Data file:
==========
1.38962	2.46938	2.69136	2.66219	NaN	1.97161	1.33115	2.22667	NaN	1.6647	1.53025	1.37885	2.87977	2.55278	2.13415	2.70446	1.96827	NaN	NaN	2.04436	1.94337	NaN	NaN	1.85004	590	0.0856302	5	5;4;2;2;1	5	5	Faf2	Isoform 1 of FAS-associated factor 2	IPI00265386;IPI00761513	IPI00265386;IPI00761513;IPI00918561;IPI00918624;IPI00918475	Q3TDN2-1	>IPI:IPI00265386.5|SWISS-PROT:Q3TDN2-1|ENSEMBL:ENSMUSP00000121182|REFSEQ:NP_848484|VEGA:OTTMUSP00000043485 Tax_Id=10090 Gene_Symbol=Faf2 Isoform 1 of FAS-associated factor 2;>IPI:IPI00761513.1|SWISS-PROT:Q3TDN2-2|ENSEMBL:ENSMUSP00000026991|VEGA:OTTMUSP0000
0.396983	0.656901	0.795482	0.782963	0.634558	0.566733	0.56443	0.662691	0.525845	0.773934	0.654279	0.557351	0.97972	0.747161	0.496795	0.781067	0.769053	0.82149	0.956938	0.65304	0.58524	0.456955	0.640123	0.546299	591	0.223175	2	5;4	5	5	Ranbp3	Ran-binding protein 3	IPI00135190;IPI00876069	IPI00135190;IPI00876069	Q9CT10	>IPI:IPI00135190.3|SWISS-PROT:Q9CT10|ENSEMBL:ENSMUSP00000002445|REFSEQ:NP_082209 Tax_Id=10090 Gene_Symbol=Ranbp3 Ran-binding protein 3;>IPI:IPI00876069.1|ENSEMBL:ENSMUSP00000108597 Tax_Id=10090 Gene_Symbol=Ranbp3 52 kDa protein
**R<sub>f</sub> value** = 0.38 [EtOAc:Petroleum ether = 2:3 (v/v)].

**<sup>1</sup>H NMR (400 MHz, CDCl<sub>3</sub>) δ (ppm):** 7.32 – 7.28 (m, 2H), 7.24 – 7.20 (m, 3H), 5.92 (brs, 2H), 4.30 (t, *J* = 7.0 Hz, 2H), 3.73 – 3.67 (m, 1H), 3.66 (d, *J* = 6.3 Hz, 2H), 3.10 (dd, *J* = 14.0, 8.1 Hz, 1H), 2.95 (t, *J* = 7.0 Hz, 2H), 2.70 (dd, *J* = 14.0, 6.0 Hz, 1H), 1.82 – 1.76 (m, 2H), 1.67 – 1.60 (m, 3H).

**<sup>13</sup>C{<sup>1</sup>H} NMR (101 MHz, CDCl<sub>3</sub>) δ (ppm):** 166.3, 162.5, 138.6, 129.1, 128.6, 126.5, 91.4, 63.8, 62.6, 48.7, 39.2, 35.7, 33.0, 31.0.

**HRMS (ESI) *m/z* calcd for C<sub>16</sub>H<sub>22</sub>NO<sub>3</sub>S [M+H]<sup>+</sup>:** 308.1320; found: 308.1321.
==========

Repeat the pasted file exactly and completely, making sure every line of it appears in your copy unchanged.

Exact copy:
1.38962	2.46938	2.69136	2.66219	NaN	1.97161	1.33115	2.22667	NaN	1.6647	1.53025	1.37885	2.87977	2.55278	2.13415	2.70446	1.96827	NaN	NaN	2.04436	1.94337	NaN	NaN	1.85004	590	0.0856302	5	5;4;2;2;1	5	5	Faf2	Isoform 1 of FAS-associated factor 2	IPI00265386;IPI00761513	IPI00265386;IPI00761513;IPI00918561;IPI00918624;IPI00918475	Q3TDN2-1	>IPI:IPI00265386.5|SWISS-PROT:Q3TDN2-1|ENSEMBL:ENSMUSP00000121182|REFSEQ:NP_848484|VEGA:OTTMUSP00000043485 Tax_Id=10090 Gene_Symbol=Faf2 Isoform 1 of FAS-associated factor 2;>IPI:IPI00761513.1|SWISS-PROT:Q3TDN2-2|ENSEMBL:ENSMUSP00000026991|VEGA:OTTMUSP0000
0.396983	0.656901	0.795482	0.782963	0.634558	0.566733	0.56443	0.662691	0.525845	0.773934	0.654279	0.557351	0.97972	0.747161	0.496795	0.781067	0.769053	0.82149	0.956938	0.65304	0.58524	0.456955	0.640123	0.546299	591	0.223175	2	5;4	5	5	Ranbp3	Ran-binding protein 3	IPI00135190;IPI00876069	IPI00135190;IPI00876069	Q9CT10	>IPI:IPI00135190.3|SWISS-PROT:Q9CT10|ENSEMBL:ENSMUSP00000002445|REFSEQ:NP_082209 Tax_Id=10090 Gene_Symbol=Ranbp3 Ran-binding protein 3;>IPI:IPI00876069.1|ENSEMBL:ENSMUSP00000108597 Tax_Id=10090 Gene_Symbol=Ranbp3 52 kDa protein
**R<sub>f</sub> value** = 0.38 [EtOAc:Petroleum ether = 2:3 (v/v)].

**<sup>1</sup>H NMR (400 MHz, CDCl<sub>3</sub>) δ (ppm):** 7.32 – 7.28 (m, 2H), 7.24 – 7.20 (m, 3H), 5.92 (brs, 2H), 4.30 (t, *J* = 7.0 Hz, 2H), 3.73 – 3.67 (m, 1H), 3.66 (d, *J* = 6.3 Hz, 2H), 3.10 (dd, *J* = 14.0, 8.1 Hz, 1H), 2.95 (t, *J* = 7.0 Hz, 2H), 2.70 (dd, *J* = 14.0, 6.0 Hz, 1H), 1.82 – 1.76 (m, 2H), 1.67 – 1.60 (m, 3H).

**<sup>13</sup>C{<sup>1</sup>H} NMR (101 MHz, CDCl<sub>3</sub>) δ (ppm):** 166.3, 162.5, 138.6, 129.1, 128.6, 126.5, 91.4, 63.8, 62.6, 48.7, 39.2, 35.7, 33.0, 31.0.

**HRMS (ESI) *m/z* calcd for C<sub>16</sub>H<sub>22</sub>NO<sub>3</sub>S [M+H]<sup>+</sup>:** 308.1320; found: 308.1321.